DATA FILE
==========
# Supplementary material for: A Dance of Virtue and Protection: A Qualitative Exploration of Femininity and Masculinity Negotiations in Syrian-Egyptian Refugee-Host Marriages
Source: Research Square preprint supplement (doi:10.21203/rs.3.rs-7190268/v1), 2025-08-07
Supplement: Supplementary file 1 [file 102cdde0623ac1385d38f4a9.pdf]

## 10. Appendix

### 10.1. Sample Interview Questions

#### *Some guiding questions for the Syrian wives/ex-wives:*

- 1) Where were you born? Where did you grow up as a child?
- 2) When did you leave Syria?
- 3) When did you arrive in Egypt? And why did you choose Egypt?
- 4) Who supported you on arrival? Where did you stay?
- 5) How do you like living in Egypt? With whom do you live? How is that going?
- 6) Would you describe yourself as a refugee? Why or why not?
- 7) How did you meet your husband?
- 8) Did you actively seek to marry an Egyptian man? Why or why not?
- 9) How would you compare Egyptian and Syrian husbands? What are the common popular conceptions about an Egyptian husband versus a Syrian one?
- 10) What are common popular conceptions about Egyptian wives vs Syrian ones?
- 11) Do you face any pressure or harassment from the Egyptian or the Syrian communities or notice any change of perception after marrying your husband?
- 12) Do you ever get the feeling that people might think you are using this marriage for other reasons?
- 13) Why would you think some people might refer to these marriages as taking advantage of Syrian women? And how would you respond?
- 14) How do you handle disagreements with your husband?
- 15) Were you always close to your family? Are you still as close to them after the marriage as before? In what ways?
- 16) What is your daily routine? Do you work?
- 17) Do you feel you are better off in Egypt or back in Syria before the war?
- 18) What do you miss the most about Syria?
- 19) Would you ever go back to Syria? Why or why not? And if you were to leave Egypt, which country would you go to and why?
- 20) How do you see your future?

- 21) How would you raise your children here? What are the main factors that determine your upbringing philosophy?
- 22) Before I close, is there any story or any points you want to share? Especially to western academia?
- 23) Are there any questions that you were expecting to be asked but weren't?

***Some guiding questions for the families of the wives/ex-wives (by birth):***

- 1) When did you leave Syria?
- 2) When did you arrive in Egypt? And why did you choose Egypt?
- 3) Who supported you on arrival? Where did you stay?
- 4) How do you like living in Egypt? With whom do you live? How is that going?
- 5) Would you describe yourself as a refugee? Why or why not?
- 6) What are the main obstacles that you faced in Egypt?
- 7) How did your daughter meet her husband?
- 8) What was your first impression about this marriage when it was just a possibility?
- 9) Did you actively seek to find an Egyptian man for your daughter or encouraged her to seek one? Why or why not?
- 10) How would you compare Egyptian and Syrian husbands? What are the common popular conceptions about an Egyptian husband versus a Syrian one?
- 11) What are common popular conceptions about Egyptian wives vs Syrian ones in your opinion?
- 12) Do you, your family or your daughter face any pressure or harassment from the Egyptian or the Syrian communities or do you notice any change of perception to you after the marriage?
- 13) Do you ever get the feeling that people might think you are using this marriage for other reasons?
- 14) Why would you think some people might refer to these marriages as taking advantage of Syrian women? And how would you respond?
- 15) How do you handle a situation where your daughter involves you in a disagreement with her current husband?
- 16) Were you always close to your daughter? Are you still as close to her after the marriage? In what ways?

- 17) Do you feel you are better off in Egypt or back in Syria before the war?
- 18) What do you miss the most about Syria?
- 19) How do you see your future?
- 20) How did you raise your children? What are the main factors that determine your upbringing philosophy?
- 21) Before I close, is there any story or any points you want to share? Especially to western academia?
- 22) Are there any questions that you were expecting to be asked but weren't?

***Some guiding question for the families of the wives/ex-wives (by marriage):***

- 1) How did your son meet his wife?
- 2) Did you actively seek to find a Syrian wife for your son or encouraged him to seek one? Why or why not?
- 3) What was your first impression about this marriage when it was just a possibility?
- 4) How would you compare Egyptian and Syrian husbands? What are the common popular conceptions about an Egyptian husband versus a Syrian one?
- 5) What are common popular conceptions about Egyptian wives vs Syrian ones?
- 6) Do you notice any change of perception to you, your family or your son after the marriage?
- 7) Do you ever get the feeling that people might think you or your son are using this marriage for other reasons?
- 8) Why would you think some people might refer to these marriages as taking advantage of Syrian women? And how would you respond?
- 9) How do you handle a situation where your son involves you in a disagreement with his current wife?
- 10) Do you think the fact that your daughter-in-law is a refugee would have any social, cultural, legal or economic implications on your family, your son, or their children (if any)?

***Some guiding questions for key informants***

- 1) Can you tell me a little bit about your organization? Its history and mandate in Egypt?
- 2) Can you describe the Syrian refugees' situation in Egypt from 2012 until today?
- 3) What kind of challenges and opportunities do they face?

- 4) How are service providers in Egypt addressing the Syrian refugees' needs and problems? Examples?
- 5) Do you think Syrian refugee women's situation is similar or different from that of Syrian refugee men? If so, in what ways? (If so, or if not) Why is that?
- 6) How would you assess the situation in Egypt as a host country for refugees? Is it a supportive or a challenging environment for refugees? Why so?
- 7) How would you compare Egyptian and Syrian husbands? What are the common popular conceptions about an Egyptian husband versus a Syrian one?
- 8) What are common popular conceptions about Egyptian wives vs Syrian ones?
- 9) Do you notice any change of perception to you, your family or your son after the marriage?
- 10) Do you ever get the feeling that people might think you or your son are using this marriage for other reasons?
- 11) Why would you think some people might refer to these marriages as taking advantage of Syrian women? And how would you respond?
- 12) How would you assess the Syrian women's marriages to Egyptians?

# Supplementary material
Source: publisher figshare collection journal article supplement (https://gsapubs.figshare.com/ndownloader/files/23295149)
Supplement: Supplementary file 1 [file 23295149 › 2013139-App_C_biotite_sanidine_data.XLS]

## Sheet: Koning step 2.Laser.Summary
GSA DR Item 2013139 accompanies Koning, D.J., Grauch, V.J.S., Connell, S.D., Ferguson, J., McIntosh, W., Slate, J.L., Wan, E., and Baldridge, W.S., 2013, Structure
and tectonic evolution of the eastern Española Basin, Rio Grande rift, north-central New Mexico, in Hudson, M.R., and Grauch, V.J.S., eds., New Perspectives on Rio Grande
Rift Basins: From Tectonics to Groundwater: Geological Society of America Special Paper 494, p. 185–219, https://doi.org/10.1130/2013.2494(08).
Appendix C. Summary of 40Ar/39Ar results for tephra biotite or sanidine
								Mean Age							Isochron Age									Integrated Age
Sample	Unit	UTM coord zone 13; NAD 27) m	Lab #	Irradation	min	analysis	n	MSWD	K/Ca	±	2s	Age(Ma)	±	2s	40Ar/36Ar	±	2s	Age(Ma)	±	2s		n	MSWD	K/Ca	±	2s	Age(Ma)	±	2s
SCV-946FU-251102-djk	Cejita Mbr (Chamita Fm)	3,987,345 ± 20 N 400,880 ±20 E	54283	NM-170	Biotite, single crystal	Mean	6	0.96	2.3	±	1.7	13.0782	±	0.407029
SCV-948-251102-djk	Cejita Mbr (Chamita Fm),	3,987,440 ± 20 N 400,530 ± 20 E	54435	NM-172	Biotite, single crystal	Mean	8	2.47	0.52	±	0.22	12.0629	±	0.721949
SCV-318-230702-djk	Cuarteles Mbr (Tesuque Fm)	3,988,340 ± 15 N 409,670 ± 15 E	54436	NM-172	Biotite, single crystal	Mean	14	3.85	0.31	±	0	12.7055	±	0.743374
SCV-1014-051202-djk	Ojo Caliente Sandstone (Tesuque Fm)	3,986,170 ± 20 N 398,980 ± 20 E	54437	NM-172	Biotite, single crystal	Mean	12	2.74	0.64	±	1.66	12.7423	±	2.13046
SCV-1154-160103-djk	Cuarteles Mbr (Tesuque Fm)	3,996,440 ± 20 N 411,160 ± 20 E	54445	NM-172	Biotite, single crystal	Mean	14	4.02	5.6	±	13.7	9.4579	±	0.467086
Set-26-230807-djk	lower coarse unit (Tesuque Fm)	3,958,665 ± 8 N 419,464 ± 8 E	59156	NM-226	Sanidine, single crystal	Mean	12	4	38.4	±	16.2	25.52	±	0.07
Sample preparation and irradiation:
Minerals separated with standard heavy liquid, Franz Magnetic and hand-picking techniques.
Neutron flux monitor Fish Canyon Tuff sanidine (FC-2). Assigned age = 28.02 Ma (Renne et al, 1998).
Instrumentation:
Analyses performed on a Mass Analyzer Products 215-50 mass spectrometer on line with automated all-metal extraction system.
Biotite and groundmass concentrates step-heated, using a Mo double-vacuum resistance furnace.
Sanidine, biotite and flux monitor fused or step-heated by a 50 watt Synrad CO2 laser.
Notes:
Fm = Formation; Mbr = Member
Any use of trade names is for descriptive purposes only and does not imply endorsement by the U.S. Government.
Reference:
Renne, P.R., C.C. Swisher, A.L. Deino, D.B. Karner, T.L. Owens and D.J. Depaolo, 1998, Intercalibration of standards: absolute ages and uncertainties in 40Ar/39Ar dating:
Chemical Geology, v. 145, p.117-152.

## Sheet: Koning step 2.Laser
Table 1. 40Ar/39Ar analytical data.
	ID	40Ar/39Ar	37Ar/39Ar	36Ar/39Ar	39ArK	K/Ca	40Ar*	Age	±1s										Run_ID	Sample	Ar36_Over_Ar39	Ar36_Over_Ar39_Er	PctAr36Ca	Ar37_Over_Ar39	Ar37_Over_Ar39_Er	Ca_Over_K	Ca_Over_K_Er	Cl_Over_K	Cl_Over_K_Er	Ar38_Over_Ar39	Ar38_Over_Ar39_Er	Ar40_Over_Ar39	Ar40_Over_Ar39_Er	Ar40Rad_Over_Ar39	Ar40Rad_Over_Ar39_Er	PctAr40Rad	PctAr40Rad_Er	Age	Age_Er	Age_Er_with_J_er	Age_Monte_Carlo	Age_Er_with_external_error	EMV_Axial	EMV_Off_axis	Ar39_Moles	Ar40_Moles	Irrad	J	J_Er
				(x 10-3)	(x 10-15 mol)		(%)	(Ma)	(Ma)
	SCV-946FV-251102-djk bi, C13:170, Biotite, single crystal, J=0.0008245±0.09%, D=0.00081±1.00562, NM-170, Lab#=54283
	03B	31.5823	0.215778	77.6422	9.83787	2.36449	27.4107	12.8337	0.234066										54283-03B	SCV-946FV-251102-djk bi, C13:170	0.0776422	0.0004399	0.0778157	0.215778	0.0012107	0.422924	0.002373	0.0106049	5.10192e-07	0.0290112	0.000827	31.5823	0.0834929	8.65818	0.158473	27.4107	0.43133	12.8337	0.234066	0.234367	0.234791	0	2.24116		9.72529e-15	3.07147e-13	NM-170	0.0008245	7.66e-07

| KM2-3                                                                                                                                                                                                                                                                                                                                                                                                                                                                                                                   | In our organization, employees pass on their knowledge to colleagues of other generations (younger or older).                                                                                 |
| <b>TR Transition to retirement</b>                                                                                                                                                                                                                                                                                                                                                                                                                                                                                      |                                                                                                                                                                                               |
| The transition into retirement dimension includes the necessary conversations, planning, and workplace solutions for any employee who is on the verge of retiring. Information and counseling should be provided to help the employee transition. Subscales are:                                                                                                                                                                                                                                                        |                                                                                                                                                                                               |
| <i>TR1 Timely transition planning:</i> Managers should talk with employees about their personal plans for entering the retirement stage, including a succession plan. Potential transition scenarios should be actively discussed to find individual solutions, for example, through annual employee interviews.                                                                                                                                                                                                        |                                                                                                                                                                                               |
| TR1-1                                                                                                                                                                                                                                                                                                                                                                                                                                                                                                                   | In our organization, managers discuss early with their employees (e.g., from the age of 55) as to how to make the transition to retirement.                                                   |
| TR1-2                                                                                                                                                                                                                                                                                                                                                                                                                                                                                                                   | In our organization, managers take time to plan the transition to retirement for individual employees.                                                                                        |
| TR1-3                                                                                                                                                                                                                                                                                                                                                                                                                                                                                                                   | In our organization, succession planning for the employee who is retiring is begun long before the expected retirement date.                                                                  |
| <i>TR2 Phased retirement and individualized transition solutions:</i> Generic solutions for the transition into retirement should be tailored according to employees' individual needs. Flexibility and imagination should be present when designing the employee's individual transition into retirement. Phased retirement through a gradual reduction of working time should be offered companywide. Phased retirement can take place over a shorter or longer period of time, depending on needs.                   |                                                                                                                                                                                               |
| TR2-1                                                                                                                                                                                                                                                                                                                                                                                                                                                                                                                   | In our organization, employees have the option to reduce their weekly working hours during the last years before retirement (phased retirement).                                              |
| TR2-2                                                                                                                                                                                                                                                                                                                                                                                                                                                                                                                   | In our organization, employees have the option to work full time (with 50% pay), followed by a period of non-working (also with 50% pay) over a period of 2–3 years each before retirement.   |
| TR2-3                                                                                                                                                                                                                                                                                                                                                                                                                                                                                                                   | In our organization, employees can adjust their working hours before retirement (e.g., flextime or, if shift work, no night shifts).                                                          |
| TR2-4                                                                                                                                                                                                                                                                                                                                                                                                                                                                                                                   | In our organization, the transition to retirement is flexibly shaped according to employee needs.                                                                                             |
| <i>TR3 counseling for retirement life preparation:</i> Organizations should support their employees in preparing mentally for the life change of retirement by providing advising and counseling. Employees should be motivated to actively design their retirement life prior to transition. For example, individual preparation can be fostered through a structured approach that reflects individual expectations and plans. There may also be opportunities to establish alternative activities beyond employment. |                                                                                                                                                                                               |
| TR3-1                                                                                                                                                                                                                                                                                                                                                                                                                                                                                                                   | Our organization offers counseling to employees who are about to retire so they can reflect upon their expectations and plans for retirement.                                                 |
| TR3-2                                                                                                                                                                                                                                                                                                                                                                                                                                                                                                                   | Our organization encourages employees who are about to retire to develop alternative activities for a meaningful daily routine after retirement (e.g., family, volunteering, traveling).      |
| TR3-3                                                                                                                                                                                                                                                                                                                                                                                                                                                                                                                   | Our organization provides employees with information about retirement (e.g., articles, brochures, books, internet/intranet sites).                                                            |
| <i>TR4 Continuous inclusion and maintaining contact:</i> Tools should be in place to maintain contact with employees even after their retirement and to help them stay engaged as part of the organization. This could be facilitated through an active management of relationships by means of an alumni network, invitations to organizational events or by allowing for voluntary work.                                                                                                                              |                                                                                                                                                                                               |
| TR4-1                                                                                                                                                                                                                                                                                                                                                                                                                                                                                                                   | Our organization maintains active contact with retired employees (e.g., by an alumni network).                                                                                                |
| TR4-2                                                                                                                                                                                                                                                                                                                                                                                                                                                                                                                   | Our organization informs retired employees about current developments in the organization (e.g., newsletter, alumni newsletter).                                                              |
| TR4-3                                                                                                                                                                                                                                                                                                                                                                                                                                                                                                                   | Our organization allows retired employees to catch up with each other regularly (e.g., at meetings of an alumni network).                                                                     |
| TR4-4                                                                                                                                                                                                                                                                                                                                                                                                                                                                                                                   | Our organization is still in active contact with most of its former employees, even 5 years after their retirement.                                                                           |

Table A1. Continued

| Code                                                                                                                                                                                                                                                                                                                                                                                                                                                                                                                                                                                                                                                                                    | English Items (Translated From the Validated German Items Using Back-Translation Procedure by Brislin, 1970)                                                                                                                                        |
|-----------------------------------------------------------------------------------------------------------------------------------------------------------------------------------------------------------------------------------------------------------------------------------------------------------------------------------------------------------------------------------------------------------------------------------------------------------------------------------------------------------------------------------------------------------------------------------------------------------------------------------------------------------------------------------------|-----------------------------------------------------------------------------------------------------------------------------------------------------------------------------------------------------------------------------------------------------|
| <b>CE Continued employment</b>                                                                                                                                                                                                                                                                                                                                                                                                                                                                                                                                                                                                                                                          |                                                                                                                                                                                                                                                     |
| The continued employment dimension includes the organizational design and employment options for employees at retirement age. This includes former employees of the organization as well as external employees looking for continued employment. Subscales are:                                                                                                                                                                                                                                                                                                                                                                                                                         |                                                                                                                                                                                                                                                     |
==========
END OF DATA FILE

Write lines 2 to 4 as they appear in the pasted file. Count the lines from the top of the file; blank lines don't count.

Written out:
Source: Research Square preprint supplement (doi:10.21203/rs.3.rs-7190268/v1), 2025-08-07
Supplement: Supplementary file 1 [file 102cdde0623ac1385d38f4a9.pdf]

## 10. Appendix